In this build the enemies weren’t what you’d call smart, and more than once I retreated behind an obstacle to let my stamina recover, while my opponents very slowly tried to make their way towards me. Enemies also telegraph their attacks quite obviously, but when you’re facing off against, say, a Minotaur and a couple of Medusas on the ground, with Harpies hovering above, it feels great to know how to dart out of danger, or to parry an incoming swipe to stun an opponent. It’s less about the inherent difficulty of a single opponent and more about dealing with different compositions.
Immortals is going for what I guess you’d call a “bestiary of” Ancient Greek mythology, so I expect the final game will be packing just about every iconic creature from that world. In my two hours alone I fought Minotaurs, Medusas, Harpies, Cyclops’ and Cerberus’, not to mention wraiths, towering automatons, otherworldly lions and undead soldiers. And when each was vanquished it was sent hurtling flamboyantly skyward, dissolving in a cloud of black ash.
Whatever Comes Our Way
Combat is a big part of the rhythm of Immortals, but so too is bespoke gameplay. I came across several small puzzles within the world itself, and I also ventured into a couple of the game’s Vaults of Tartaros. These standalone challenges take place in the underworld and are Fenyx Rising’s equivalent of Breath of the Wild’s shrines – there are a heap of them spread across the map, and they tie directly into upgrading your stamina. One had me playing a gigantic pinball table by triggering flippers to send a large stone ball careening around an angled play space, so hopefully that’s an indication that there’ll be plenty of variety.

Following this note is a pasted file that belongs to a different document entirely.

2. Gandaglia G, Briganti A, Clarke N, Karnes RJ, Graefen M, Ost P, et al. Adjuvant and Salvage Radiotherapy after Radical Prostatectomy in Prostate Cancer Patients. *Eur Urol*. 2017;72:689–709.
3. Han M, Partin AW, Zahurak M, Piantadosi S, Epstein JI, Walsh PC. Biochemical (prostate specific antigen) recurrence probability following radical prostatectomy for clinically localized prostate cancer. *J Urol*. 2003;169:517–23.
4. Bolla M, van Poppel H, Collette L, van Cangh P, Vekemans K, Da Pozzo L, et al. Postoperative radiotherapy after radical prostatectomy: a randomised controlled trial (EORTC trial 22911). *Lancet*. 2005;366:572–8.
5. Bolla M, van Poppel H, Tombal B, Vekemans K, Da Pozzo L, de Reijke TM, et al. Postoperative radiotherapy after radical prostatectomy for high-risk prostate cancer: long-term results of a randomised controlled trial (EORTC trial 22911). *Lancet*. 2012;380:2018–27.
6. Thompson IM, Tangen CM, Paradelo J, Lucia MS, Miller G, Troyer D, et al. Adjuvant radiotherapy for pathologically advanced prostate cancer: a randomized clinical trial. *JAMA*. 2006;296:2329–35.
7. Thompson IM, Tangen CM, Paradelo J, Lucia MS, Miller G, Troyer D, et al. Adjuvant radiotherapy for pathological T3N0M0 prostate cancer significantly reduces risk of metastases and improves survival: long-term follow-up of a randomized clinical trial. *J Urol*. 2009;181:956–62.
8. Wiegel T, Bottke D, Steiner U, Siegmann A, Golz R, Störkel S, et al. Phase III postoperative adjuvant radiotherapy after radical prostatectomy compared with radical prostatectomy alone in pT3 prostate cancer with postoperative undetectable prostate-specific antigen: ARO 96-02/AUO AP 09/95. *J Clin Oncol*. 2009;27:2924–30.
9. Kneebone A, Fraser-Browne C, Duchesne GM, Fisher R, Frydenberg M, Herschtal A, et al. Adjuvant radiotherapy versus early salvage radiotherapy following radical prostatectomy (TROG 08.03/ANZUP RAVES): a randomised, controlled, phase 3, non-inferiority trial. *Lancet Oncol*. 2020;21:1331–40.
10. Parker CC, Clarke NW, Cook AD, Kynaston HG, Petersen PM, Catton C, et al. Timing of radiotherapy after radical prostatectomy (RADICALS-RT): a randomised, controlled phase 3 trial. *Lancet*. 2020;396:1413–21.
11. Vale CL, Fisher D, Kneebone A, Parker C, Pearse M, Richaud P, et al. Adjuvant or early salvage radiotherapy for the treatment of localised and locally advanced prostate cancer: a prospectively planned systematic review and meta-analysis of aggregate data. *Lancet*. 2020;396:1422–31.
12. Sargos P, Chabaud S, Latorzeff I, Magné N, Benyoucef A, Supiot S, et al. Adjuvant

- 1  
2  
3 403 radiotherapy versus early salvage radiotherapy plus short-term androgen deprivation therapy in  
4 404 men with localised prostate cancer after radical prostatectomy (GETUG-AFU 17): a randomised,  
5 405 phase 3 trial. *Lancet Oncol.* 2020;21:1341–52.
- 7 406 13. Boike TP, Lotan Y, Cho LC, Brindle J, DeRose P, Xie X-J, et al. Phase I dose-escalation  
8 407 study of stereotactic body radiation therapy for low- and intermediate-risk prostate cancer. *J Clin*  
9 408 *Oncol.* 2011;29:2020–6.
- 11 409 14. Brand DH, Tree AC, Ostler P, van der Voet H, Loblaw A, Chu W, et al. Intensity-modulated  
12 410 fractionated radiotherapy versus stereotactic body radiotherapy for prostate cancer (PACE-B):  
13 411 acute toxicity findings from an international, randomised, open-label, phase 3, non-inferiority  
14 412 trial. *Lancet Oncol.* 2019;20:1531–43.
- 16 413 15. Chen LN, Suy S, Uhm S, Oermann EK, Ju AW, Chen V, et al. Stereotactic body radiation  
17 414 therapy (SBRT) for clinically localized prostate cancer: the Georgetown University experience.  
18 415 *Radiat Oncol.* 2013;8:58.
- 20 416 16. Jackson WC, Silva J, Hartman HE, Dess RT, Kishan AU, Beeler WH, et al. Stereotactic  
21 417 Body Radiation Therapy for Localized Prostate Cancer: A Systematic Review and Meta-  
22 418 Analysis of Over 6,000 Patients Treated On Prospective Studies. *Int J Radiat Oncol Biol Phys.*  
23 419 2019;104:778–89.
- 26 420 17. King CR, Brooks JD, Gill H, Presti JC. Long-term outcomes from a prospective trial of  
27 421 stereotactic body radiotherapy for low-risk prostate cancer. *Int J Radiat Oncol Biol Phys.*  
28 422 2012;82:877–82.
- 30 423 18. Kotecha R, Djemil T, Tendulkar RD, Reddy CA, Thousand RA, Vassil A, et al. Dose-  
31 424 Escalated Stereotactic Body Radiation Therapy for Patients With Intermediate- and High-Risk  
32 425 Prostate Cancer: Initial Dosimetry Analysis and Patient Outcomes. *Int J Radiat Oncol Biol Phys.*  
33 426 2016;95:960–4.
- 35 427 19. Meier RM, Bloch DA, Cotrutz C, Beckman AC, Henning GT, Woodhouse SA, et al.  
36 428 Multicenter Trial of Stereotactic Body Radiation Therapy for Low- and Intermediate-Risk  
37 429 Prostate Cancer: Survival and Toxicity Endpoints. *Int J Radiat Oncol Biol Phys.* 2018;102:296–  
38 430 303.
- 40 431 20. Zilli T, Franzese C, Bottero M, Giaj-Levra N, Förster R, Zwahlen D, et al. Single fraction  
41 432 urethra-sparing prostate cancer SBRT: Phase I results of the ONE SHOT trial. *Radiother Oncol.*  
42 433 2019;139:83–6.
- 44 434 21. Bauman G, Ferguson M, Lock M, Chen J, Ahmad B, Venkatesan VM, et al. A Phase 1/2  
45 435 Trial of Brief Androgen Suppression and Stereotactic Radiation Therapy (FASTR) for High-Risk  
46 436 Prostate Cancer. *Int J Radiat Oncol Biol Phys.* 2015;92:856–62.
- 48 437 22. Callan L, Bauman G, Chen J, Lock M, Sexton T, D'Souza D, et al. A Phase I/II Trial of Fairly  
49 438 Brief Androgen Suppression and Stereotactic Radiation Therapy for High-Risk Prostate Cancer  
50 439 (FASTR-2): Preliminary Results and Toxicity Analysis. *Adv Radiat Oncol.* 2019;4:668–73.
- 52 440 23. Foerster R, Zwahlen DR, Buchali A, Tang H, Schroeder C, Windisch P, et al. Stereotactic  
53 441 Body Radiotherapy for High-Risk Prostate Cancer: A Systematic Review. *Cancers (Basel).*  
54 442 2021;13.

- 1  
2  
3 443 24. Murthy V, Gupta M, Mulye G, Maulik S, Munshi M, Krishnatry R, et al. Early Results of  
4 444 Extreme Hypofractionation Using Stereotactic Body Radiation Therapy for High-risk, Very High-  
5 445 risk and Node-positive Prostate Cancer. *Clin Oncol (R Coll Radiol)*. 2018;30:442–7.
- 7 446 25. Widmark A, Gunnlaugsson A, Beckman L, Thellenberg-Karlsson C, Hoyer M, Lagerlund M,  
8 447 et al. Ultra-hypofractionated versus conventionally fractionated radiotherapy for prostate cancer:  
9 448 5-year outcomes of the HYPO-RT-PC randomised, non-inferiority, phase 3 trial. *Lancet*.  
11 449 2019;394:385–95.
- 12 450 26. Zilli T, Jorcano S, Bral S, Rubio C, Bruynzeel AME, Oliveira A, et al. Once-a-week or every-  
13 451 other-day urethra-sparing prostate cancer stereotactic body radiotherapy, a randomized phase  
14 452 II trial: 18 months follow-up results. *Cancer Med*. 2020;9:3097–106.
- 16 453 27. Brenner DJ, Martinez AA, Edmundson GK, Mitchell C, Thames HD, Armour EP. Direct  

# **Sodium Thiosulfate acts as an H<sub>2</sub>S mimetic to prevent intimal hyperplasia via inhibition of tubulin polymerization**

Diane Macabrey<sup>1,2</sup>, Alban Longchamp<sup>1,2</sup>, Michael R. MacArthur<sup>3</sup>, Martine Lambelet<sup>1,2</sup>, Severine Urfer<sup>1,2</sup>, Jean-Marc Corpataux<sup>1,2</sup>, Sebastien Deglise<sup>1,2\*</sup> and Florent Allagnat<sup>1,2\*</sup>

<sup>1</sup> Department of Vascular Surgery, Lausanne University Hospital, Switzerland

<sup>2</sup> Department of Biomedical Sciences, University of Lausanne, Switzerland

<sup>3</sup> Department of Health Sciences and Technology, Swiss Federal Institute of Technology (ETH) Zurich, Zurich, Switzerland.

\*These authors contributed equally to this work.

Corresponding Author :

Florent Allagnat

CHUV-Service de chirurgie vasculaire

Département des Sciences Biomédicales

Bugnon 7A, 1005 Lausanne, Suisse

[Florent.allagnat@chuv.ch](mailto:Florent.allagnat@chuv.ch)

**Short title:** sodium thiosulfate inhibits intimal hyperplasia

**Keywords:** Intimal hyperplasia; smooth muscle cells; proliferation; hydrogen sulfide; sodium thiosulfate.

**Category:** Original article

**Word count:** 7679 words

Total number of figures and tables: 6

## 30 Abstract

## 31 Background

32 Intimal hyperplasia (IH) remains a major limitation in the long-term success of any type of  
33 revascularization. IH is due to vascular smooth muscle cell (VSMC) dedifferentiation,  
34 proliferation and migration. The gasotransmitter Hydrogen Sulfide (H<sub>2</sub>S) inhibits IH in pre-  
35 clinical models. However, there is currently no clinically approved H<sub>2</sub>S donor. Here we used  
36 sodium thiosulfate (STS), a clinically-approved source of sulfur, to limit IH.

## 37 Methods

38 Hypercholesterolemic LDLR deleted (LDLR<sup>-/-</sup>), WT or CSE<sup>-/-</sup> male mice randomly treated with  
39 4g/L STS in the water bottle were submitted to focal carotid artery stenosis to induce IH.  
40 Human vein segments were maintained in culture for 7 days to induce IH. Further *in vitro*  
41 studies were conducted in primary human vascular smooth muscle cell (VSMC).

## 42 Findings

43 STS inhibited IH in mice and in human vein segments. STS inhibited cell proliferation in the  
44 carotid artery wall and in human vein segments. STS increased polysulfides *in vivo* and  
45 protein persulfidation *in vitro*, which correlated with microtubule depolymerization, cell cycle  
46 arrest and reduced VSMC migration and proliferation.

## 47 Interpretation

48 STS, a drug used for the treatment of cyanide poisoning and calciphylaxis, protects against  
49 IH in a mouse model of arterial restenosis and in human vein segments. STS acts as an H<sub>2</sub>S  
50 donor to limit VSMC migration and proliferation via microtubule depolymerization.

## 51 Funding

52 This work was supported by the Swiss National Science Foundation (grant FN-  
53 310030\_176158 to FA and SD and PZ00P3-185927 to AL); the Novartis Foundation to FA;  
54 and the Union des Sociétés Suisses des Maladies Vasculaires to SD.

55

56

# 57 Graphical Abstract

I can definitely see players prioritising these Vaults to kick their stamina pool into gear, and they can generally be spotted by getting to a good vantage point and using Fenyx’s Far Sight. And that’s ultimately what I found most engaging in my time with Immortals – picking a spot in the distance or setting a marker on the map and making my way there, looking for adventure.
Contrary to what its rather stern-sounding title may suggest, Immortals is driven less by its epic tale of gods under threat, and more by a desire to give players a sandbox in which to play and in which to have fun. The portrayal of Fenyx ties into this through subtle touches like the idle animation where she plays with her mythical bird companion Phosphoros by raising her leg for it to fly beneath, or the exaggerated way she brews a potion and then triumphantly showcases the result.
Perhaps the best indication of the tone Ubisoft is going for, however, can be found in the fourth wall breaking narration from Zeus and Prometheus. It’s genuinely amusing, and not only did I love their exchanges, I also enjoyed the fact that Fenyx is a voiced character who can respond to them too. I’m looking forward to seeing what the team does with this unlikely double (triple?) act in the final game, as it’s certainly a promising way for Immortals to step out from the shadows of both Breath of the Wild and Ubisoft’s own stable of open world titles and carve out its own distinct identity.